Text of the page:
For Chilot, promoting new talent is the whole point. “I get a lot of personal as well as professional satisfaction at seeing a YDA winner like Ringan doing so well. That’s what I dedicate my time to. To remind everyone – agencies, advertisers, producers – that if we do not discover, nurture and promote directors, then we will die.” Danny Edwards, editor at shots, which has been media partner to the awards since the beginning, agrees. “We both recognise the importance of new talent in the industry, and one of shots’ USPs is its championing of quality, and that’s exactly what the YDA does. Its track record in recognising talent at an early stage is astonishing – Ringan Ledwidge, Aleksander Bach, Hanna Maria Heidrich, and so many more.”

Rising directorial star Aleksander Bach – repped by Wigwam in the UK – submitted to the YDA while studying as a postgraduate at the Badem-Württemberg Film Academy. “It’s one of the very few schools that has a department dedicated to commercials,” says Chilot. “Every year it sends us winners.” During his time there, Bach won two Young Director Awards, for Orange in 2008, and for a stunning Red Cross spot in 2009, featuring a ballet dancer amid a carnage of guerrilla warfare and gunfire, which also won the coveted Special Jury prize. “When I was younger I dreamt about this award, because you get so much attention,” he says, but winning the Special Jury prize was unexpected. “The show was already over, and they said, we have a Special Jury award,” he remembers, “and I was about to leave the cinema, because I didn’t even think about it, so it was completely crazy.” The Wigwam director has just signed up for his first feature – to direct the new Hitman movie for 20th Century Fox. The Red Cross film – and the award – played a big part in bagging the job. “The President of 20th Century Fox said that was the reason he wanted me for the feature film. It’s a cool connection. This film got the award and it helped me to direct my first feature.”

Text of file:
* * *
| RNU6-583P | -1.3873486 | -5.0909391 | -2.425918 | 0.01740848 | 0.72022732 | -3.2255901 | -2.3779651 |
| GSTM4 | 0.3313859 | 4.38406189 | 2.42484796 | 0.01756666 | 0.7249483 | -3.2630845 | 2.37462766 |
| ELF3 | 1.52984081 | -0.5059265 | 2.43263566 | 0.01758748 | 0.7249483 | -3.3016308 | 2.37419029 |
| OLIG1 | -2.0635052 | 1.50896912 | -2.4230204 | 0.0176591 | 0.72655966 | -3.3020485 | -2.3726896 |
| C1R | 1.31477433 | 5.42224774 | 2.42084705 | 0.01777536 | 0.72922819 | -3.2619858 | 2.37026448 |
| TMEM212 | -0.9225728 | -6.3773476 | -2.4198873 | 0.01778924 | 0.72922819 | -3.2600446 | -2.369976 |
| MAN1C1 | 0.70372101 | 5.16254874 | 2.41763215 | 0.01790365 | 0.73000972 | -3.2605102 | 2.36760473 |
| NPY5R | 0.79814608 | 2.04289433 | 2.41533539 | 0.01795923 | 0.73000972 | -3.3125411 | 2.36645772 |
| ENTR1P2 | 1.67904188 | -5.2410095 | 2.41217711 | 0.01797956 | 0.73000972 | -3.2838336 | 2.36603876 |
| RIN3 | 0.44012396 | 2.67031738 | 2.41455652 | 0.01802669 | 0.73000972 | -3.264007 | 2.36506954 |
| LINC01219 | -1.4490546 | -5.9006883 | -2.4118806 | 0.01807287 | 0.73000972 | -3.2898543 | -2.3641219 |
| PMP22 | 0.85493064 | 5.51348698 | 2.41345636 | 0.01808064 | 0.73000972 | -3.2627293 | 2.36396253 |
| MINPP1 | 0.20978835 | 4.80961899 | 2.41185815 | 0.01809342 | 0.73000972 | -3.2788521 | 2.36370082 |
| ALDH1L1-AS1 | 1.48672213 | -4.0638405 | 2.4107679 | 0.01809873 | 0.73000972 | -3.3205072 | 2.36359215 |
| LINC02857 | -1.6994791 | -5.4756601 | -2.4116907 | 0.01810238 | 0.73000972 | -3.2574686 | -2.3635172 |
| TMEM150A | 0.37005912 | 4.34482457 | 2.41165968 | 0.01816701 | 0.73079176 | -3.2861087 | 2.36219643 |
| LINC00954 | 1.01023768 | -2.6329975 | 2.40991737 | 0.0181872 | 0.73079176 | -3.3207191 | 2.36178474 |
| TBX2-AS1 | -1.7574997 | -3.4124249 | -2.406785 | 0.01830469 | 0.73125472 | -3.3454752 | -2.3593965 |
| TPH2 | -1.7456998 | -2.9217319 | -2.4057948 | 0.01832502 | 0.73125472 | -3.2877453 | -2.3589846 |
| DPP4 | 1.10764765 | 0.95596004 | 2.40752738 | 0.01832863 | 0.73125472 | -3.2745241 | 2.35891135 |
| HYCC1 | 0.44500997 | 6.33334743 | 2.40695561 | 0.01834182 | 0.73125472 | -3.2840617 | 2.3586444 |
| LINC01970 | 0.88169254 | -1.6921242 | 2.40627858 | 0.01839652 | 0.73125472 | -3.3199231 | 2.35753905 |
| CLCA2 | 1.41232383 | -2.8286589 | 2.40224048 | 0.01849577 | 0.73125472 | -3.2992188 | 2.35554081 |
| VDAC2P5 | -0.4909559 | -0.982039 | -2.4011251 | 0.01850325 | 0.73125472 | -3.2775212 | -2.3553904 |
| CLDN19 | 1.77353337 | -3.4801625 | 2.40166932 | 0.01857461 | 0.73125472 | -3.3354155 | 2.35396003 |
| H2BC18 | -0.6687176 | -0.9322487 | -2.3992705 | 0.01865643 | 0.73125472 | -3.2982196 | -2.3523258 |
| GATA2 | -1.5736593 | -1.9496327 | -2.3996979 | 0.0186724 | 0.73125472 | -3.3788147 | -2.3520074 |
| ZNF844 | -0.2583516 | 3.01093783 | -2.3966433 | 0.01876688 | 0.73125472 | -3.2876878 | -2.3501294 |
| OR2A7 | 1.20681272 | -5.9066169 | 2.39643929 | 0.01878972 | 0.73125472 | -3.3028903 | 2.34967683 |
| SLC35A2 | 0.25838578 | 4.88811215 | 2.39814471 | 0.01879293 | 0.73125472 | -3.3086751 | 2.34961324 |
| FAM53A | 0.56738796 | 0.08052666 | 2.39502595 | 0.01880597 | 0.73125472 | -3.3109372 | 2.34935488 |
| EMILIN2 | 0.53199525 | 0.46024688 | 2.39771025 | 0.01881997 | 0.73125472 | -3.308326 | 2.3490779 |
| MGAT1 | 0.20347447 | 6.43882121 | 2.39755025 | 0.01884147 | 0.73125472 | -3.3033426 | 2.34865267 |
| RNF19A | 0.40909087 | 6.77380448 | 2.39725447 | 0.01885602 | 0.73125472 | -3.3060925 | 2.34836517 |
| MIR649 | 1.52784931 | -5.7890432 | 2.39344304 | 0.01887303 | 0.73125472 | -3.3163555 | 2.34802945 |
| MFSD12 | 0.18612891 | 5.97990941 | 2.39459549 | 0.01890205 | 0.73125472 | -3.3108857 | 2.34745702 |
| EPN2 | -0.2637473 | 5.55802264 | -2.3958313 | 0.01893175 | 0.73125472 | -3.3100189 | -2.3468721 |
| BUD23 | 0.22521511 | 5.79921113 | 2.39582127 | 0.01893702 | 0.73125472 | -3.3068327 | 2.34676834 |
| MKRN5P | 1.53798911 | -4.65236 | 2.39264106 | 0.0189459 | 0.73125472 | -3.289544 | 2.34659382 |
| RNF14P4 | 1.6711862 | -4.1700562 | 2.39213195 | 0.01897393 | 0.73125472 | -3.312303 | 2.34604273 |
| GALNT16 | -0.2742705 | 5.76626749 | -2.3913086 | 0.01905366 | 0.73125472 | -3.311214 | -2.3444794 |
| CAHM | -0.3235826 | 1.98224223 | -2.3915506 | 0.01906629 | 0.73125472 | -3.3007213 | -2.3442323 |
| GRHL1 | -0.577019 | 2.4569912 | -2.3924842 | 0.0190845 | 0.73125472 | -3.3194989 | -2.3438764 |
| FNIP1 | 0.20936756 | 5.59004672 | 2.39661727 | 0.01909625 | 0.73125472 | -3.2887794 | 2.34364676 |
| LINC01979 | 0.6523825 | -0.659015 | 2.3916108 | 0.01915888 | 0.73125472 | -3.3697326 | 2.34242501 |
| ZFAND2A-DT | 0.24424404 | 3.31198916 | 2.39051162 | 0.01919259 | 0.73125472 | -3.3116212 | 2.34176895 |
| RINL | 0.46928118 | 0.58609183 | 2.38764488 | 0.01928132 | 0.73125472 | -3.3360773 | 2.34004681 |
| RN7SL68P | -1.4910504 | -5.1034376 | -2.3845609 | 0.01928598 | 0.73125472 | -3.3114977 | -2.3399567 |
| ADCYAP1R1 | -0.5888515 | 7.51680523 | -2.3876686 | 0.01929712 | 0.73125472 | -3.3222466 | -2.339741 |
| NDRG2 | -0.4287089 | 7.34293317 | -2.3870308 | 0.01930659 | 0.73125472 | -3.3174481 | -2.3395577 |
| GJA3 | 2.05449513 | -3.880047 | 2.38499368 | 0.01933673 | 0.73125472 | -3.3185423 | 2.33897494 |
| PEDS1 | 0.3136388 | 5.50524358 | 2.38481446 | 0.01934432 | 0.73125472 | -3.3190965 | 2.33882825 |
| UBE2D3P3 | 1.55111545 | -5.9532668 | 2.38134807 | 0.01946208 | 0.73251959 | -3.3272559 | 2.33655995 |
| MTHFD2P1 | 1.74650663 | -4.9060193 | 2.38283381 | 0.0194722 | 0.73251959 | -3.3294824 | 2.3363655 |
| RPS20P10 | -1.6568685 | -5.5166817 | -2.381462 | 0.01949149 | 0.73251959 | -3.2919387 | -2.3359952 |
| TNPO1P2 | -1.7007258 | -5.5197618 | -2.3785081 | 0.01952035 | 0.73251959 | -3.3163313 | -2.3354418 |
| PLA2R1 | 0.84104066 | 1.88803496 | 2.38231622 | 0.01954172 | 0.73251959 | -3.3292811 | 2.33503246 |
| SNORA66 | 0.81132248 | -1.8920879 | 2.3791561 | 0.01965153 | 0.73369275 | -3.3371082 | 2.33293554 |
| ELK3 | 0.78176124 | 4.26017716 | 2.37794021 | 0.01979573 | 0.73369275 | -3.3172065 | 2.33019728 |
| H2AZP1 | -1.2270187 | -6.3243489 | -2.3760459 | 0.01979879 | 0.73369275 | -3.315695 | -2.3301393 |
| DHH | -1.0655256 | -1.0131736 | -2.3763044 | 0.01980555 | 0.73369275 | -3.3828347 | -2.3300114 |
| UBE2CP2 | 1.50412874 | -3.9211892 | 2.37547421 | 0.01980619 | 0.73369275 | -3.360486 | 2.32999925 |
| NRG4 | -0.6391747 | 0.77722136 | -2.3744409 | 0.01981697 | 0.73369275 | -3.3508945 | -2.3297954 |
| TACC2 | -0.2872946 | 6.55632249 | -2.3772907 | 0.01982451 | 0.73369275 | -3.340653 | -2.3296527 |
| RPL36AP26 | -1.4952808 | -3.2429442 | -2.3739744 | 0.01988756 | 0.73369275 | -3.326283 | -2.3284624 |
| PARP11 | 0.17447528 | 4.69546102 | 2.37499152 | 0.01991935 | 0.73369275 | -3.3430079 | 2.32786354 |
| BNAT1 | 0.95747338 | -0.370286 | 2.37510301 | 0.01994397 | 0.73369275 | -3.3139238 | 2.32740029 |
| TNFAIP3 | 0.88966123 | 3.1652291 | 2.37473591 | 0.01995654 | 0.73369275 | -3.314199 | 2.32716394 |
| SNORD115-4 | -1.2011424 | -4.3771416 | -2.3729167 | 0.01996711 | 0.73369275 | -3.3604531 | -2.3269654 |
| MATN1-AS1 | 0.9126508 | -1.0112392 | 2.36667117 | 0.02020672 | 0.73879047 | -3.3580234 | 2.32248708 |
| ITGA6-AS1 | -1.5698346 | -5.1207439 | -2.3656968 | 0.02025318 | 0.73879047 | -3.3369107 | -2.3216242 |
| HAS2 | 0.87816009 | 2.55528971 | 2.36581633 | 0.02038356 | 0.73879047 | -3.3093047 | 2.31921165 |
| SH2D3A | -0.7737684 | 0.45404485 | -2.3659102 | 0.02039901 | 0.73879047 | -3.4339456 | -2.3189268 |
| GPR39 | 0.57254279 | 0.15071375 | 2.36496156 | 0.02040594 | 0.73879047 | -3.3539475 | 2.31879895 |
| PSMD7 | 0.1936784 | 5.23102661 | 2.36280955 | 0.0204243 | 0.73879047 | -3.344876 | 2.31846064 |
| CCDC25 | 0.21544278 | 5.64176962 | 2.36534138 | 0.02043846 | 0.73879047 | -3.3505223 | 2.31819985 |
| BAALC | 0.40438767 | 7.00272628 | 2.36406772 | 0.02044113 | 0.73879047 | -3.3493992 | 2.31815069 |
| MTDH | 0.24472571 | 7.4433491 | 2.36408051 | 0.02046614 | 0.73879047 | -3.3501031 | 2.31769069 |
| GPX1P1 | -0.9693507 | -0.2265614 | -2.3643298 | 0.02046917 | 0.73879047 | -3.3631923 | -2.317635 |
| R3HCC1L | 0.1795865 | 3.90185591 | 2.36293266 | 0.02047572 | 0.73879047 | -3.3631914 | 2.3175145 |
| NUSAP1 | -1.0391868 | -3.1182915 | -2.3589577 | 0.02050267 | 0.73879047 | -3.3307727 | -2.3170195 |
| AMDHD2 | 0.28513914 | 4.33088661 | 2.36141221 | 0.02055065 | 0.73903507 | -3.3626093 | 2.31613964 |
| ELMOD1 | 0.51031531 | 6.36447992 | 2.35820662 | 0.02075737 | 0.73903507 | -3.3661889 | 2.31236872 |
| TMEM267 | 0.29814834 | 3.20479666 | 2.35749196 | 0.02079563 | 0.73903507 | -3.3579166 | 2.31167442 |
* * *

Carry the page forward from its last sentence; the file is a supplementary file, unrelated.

An alumni of the same film academy, Hannah Maria Heidrich also won the award twice, in 2011 for We Miss You, a strikingly original film featuring an ecological message, a cop in a traffic jam, and a beautiful young deer alert – but not quite alert enough – in the heart of the urban jungle. Its message is that we, in turn, should be alert to nature, not perpetually caught in the glare of the headlights and taillights. It, too, won a Special Jury prize, and Heidrich followed that last year with a prize for Life is Calling, a clever spec spot with a backwards plot and a moon-landing theme for Levi’s.

Winning a second time cemented her reputation with agencies and producers worldwide. “People remembered me from the previous year, so I received a lot more interest from a wider range of people.” She’s now signed with in Germany and Gorgeous in Britain and the US.

Working in the market, instead of the film academy with its creative freedoms, was a new challenge that, post-YDA, demanded new skills. “In reality there are a lot of people who have different interests in the project,” she says, “and most of them are not good for the creative result. So I am learning that the work is more like a strategic game. You have to find a way to communicate like a Trojan horse in order to get what you want and what makes the film stand out.”

Gaining mass and harnessing wind power

Each year, the YDA commissions a spot to promote the awards, usually featuring parents, children and calamity. Last year, Karen Cunningham helmed the brilliant The Light Is Your Friend, the first film out of her own company, Pop-Up, in which a Woody Allen-like kid interrupts his parent’s lovemaking with terse directorial instructions. It’s racked up almost a half million hits on the YDA’s YouTube channel, while previous spots, such as 2009’s Drama Queen, developed at TBWAHelsinki by art director Minna Lavola and copywriter Mira Olsson, have reached a cool four million.